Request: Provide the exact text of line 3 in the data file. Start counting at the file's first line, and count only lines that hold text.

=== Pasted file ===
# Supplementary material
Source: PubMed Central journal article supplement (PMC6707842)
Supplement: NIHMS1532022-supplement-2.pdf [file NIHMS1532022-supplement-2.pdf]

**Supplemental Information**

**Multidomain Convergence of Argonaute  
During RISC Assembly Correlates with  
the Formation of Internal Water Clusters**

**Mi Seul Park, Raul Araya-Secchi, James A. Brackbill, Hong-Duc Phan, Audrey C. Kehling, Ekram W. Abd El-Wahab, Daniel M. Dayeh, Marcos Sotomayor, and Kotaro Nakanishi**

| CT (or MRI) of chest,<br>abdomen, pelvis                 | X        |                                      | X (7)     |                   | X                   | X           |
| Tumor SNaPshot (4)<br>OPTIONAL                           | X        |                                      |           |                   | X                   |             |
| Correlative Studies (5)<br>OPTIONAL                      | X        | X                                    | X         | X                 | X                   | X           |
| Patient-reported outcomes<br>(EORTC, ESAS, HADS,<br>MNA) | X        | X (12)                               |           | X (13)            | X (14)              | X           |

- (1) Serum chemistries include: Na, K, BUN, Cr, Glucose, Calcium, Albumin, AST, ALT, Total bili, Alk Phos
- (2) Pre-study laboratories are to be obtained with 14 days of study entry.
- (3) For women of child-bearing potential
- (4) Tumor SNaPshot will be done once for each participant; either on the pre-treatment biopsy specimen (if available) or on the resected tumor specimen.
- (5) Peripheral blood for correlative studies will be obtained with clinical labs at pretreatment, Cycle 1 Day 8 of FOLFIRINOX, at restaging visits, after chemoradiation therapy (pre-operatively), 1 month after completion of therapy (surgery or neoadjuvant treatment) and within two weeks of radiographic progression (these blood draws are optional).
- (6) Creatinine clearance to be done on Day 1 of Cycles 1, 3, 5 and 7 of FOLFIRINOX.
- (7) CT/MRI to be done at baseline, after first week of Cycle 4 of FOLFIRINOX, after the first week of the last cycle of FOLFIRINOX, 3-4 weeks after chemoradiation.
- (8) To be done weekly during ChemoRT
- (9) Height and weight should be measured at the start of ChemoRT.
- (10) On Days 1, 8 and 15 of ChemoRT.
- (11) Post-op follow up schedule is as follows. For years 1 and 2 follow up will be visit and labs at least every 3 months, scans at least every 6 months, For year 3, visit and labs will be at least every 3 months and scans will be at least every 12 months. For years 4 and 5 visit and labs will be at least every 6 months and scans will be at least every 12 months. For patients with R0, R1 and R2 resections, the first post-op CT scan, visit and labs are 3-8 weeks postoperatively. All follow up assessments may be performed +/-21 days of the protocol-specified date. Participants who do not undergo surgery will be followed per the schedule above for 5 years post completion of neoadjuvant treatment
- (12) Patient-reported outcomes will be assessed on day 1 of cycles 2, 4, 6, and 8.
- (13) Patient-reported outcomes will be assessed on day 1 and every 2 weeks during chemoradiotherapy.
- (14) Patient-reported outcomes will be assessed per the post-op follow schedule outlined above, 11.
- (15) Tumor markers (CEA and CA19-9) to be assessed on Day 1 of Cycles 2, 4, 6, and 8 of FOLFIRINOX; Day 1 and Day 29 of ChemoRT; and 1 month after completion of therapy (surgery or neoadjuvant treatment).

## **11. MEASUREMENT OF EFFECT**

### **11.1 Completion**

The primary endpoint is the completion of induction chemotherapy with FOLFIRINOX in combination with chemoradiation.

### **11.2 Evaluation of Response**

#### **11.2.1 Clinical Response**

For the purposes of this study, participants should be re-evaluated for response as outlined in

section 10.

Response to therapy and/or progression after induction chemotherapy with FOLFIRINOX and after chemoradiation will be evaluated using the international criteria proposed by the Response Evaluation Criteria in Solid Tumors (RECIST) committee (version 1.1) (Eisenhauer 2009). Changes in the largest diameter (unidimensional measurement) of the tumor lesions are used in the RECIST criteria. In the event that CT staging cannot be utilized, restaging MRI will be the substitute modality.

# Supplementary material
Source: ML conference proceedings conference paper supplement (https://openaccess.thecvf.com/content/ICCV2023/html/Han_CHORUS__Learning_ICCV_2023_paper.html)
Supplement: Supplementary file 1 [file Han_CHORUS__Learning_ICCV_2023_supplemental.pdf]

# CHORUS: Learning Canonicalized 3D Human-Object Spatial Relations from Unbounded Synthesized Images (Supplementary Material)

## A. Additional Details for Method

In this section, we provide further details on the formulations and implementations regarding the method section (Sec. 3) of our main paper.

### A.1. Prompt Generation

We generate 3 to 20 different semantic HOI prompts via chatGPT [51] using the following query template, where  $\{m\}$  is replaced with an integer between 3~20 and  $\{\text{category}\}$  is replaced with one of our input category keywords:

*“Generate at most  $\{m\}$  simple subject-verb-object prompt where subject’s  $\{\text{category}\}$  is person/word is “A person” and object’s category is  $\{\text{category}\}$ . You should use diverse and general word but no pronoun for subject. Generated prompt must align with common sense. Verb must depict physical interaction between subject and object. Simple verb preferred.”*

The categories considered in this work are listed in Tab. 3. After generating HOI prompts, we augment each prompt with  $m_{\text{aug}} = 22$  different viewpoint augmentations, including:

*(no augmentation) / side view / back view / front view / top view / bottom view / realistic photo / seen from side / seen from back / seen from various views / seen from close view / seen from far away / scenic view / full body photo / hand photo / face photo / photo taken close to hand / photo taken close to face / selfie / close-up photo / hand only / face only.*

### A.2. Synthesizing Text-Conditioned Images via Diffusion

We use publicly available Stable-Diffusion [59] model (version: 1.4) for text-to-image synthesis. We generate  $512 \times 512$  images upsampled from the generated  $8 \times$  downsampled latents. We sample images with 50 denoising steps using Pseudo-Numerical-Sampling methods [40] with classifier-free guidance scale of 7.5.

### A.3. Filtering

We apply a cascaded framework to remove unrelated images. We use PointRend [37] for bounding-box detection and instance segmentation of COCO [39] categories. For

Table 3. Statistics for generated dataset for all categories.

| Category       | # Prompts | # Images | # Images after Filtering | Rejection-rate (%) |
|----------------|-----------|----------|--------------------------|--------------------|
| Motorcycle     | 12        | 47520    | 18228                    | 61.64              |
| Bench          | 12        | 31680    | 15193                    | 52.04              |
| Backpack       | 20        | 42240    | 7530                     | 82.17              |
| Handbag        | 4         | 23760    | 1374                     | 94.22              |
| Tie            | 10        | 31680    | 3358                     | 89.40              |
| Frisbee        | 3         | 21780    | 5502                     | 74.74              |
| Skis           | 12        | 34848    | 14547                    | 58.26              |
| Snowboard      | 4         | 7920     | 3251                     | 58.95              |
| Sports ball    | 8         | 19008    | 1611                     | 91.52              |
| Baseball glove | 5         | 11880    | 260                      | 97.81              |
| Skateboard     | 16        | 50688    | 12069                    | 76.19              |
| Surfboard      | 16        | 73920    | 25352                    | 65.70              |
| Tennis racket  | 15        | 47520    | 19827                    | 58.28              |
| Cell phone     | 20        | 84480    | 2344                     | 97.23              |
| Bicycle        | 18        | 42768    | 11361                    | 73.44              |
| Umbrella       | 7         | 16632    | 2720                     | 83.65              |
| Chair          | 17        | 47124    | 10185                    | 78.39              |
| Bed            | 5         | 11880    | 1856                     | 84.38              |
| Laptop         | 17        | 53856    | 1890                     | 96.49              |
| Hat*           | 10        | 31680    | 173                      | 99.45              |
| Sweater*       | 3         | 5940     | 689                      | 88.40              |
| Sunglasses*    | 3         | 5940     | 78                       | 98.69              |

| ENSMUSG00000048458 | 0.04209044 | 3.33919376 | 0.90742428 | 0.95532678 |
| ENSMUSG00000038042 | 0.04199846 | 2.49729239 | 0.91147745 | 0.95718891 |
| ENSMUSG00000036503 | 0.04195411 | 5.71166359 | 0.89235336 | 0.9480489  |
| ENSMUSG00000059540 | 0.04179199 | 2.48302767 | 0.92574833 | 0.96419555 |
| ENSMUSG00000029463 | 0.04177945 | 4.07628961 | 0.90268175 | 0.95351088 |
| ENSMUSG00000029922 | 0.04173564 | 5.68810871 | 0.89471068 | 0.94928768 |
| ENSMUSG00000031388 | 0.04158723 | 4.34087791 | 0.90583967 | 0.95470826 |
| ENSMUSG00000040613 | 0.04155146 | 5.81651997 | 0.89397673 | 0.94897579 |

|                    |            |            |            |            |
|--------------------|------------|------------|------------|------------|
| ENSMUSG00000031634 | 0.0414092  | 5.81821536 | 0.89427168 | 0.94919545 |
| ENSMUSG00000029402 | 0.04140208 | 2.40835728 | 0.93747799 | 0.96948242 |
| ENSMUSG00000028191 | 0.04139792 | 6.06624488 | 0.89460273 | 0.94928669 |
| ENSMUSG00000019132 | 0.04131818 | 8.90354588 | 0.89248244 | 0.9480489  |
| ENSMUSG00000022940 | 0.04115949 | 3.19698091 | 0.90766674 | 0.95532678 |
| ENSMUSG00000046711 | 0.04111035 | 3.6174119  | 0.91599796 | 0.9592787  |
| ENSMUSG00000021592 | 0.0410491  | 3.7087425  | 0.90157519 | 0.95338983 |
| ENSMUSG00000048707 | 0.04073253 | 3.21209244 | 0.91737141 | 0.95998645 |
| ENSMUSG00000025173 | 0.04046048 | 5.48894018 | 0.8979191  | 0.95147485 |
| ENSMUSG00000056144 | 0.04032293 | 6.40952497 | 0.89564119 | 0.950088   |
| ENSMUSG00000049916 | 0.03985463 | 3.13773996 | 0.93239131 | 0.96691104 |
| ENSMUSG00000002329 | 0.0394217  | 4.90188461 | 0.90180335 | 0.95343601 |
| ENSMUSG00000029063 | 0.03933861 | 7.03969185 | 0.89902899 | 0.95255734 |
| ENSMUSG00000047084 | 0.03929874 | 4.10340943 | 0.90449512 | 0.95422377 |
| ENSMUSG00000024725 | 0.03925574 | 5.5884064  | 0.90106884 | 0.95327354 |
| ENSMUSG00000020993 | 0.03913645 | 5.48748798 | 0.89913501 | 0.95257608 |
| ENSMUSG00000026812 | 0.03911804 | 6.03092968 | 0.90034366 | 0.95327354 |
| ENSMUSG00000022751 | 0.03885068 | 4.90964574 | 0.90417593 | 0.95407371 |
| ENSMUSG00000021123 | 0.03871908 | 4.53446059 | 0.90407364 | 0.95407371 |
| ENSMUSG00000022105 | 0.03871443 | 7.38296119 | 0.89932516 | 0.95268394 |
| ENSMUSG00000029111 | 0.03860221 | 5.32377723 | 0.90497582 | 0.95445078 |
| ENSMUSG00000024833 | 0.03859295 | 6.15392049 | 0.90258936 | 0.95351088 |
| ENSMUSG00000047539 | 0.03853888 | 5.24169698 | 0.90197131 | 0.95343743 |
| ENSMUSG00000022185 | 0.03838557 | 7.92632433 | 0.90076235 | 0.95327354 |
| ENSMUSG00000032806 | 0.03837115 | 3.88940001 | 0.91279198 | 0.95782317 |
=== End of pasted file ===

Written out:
Supplement: NIHMS1532022-supplement-2.pdf [file NIHMS1532022-supplement-2.pdf]